Choosing between versions of Desktop Protege
This page contains a high level outline of the major differences in features between Protege 3.x and Protege 4.0+.
There are a number of differences between Protege 3.x and 4.0+. This page is designed to highlight some of the major factors that may influence which of the two systems would be most appropriate for your project at present. It will also serve as a useful reference point for identifying major features that need priority migration from 3.x to 4.0+. This list is by no means exhaustive and is only intended as an overview.
For working with frames-based ontologies there is only one choice - Protege 3.5 is built on a very mature and stable codebase. Frames support is not currently available in Protege 4.0+.
OWL (and RDF)
For working with OWL, there are several factors that may influence your decision on whether to use 3.4 or 4.x.
For coders writing purely OWL applications, we recommend 4.x. For applications where you cannot cleanly break away from RDF you should consider 3.4.
Protege 4.x uses the open source, Java-based OWL API that is proving popular with many developers around the world. This makes writing or migrating to and from other systems more straightforward, and a larger developer community means more assistance and a more robust codebase. In addition, the OWL API supports much of the upcoming OWL 2.0 recommendation.
However, for developers that require access to the RDF model at the level of a triple store, the Protege-OWL API from Stanford is an option. This API was built on top of the older frames-based system, i.e., RDF and OWL constructs are layered over Protege's frame objects. This is much harder to develop with as all levels of abstraction are visible at the API level, but allows for more control over the relationship between the different models.
For ontology developers the choice is harder as the tasks that any given user/application needs to perform can be very different. For users creating purely OWL ontologies or needing OWL2.0 features we would recommend P4.x. For users wanting access to RDF or that require particular tools that have not yet been converted, P3.x is currently still the choice.
Ultimately, P3.x is coming to a stable state such that the features of the platform are well known and the behaviour is predictable. There are many plugins available that aid particular tasks that are not currently available for P4.x. So for example, those wanting SWRL support will find the framework in P3.x much more substantial than in P4.x. Equally, users that need access to RDF(S) level constructs will need to use P3.x.
P4.x is much more lightweight, being a wholly OWL editing environment currently, and is therefore optimised considerably for dealing with even modestly large OWL ontologies in memory. The number of groups producing additional tools for visualisation, mining etc is growing. The framework uses more standard mechanisms for customisation and can therefore be more easily tuned to a particular group's workflow. P4.x will also support all OWL2.0 features, such as QCRs, role chains, additional property characteristics etc, many of which are already implemented.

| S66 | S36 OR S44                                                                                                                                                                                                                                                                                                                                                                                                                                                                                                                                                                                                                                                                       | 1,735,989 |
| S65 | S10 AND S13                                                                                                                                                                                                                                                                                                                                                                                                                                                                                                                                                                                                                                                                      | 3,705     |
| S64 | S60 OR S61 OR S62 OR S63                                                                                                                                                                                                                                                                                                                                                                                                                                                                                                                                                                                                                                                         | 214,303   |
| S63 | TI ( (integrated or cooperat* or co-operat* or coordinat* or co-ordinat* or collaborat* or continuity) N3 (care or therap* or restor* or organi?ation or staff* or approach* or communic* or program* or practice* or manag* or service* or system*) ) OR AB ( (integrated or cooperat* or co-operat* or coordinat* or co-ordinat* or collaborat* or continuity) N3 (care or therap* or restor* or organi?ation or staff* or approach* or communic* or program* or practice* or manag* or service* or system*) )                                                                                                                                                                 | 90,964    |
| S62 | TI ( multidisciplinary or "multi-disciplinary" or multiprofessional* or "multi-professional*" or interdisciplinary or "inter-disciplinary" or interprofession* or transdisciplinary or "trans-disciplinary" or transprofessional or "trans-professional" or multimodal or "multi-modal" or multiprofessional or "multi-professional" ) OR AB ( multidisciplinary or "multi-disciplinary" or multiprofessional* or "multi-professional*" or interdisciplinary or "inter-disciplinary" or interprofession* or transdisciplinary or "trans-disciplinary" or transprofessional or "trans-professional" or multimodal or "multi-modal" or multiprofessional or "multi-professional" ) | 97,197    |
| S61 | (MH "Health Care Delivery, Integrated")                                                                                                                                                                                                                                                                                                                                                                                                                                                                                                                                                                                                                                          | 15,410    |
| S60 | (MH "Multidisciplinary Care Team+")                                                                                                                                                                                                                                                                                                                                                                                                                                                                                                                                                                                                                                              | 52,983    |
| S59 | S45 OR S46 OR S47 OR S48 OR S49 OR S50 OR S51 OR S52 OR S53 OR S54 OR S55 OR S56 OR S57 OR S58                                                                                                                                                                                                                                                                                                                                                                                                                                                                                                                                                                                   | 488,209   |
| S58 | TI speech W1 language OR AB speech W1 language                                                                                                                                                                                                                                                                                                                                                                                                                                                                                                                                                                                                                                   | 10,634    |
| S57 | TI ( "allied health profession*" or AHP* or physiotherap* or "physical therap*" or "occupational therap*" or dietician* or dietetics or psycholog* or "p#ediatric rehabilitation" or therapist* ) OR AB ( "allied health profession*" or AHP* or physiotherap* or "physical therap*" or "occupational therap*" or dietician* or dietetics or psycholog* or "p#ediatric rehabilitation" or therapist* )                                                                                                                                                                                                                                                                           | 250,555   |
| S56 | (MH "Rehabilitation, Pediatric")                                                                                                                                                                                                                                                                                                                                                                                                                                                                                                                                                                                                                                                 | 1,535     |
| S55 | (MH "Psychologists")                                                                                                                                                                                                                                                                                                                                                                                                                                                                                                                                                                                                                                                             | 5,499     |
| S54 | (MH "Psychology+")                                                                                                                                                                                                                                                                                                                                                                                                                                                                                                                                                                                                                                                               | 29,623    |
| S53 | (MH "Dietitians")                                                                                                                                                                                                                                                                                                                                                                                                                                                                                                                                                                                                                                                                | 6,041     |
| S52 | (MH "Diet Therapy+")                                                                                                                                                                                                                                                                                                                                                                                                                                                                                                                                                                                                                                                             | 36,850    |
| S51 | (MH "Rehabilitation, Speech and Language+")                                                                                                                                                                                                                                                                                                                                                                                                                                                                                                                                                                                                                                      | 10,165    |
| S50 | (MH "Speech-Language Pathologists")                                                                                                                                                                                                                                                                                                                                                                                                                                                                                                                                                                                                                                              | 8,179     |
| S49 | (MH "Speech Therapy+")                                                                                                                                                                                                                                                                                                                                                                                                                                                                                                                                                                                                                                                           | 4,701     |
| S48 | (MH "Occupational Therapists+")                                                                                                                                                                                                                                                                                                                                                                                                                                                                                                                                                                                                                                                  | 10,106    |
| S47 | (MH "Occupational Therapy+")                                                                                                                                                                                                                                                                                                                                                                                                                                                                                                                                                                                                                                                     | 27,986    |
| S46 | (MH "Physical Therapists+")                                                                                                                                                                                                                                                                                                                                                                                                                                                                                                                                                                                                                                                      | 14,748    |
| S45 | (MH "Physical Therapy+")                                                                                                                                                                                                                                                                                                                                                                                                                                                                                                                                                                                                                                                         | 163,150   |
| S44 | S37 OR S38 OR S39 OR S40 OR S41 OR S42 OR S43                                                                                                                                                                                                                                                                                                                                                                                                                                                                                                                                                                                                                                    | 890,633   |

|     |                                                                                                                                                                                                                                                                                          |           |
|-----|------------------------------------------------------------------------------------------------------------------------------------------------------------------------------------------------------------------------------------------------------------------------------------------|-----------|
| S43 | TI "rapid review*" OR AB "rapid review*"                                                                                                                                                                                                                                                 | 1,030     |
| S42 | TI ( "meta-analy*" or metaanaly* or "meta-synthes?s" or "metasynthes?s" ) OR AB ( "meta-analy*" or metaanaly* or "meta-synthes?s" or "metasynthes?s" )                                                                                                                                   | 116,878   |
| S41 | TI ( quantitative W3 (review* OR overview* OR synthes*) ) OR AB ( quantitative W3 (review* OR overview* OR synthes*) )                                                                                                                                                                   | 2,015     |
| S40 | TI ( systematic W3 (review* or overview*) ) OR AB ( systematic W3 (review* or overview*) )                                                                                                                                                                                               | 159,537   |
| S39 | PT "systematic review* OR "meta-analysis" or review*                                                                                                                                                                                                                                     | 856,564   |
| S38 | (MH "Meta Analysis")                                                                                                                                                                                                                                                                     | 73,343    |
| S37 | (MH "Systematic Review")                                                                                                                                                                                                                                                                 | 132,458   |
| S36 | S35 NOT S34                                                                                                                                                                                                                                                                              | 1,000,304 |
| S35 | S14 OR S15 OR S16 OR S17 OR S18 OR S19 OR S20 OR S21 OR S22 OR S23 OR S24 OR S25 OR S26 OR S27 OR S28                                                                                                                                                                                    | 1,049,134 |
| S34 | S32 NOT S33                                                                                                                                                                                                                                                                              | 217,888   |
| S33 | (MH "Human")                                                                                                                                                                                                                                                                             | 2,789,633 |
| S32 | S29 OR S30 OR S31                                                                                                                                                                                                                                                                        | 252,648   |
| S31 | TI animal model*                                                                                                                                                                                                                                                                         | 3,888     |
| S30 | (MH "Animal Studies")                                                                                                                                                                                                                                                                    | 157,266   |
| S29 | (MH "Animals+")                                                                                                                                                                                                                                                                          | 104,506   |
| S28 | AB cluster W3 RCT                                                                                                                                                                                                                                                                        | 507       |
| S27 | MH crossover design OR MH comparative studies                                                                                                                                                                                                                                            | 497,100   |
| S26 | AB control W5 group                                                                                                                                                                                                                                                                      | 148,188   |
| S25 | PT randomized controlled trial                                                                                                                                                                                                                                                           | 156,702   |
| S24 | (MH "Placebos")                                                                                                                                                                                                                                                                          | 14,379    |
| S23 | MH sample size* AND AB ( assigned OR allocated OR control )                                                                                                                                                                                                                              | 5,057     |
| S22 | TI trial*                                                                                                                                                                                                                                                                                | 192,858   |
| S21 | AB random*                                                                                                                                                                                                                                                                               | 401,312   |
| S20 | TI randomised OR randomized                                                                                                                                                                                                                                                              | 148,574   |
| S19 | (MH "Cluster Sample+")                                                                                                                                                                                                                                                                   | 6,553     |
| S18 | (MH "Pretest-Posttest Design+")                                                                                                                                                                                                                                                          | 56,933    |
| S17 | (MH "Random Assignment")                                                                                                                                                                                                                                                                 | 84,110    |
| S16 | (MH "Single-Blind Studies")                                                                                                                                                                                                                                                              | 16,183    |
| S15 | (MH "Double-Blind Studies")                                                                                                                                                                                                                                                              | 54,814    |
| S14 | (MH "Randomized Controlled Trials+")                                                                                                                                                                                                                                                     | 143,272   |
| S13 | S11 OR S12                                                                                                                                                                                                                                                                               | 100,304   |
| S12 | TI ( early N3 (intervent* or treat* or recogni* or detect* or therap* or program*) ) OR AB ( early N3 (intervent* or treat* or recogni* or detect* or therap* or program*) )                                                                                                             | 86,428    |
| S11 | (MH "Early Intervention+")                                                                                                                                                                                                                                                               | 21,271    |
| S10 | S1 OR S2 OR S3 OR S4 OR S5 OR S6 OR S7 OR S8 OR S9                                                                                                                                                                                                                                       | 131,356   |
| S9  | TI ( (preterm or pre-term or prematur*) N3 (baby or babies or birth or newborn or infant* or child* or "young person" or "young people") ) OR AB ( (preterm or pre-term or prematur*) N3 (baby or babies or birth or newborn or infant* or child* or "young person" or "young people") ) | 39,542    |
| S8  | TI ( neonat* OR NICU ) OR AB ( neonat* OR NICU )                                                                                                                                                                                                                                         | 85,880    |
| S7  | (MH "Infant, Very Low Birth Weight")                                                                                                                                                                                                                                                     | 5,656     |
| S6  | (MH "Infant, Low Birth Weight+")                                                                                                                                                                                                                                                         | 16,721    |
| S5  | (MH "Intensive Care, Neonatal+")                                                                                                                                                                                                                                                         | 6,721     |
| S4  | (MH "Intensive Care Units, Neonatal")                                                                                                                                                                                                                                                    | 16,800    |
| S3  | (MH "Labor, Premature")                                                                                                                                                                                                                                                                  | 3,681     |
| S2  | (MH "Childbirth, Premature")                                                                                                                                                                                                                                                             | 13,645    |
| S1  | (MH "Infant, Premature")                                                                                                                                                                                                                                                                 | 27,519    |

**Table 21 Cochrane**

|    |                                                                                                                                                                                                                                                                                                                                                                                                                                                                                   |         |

Side by Side Comparison
|Protege 3.x||Protege 4.0|
|Frames Support||Frames Support|
|Frames editing supported via the Protege-Frames editor|| None (Protege-Frames editor has not been migrated yet)|
|OWL Support||OWL Support|
|OWL 1.0 language support||OWL 2.0 language support|
|OWL and RDF(S) support||Pure OWL framework|
|OWL and RDF(S) files are accessible via the Protege-OWL API. This API layered OWL and RDF support over the existing Frames API.||OWL files are accessible via the OWL API, which was developed at the The University Of Manchester (not the Protege-OWL API, which was used in the 3.x series). This is a very clean API that closely follows the OWL specification and the parser is optimized to be faster and use less memory.|
|SPARQL support||No SPARQL support yet|
|SWRL support through the SWRLTab||SWRL support through a basic editor and pellet for reasoning|
|Support for meta-modeling (allowing OWL Full)||No OWL Full|
|Reasoner support through HTTP DIG interface allows connection to any DIG compliant reasoner, as well as direct connection to the Pellet reasoner||Direct connection to FaCT++, Pellet and other DL reasoners for optimum speed of classification|
|Configuration settings stored in Protege Project files (.pprj)||Configuration settings global (No project files). Preferences persist across installations of Protege|
|OWL imports handled through a repository mechanism|| Imports resolution from a common folder, user repositories or the web|
|Plugin framework developed at Stanford for tab widgets, slot widgets, back-ends, projects, importing, and exporting||Plugin framework has been switched to the more industry standard technology, OSGi, which allows for any type of plugin extension|
|Large set of plugins available, developed both in-house and externally by the Protege community|| Large set of plugins available, developed both in-house and externally by the Protege community|
|User Interface||User Interface|
|Tab and slot widgets make much of user interface configurable||Plugins define all user interface elements including tabs, views, and menus making everything configurable|
|Support fill-in-the-blank style of setting property values in individuals||Property values of individuals are added as axioms|
|Access is provided to the meta model and can be used to configure the user interface||Menu and drag and drop user interface elements|
|Multi-user Support||Multi-user Support|
|Multiple users can edit the same ontology using the client-server version of Protege|| None (Protege Client-Server has not been migrated yet)|
|Database Storage Model||Database Storage Model|
|Ability to store ontologies in a database provided by the JDBC database back-end|| None (database back-end has not been migrated yet)|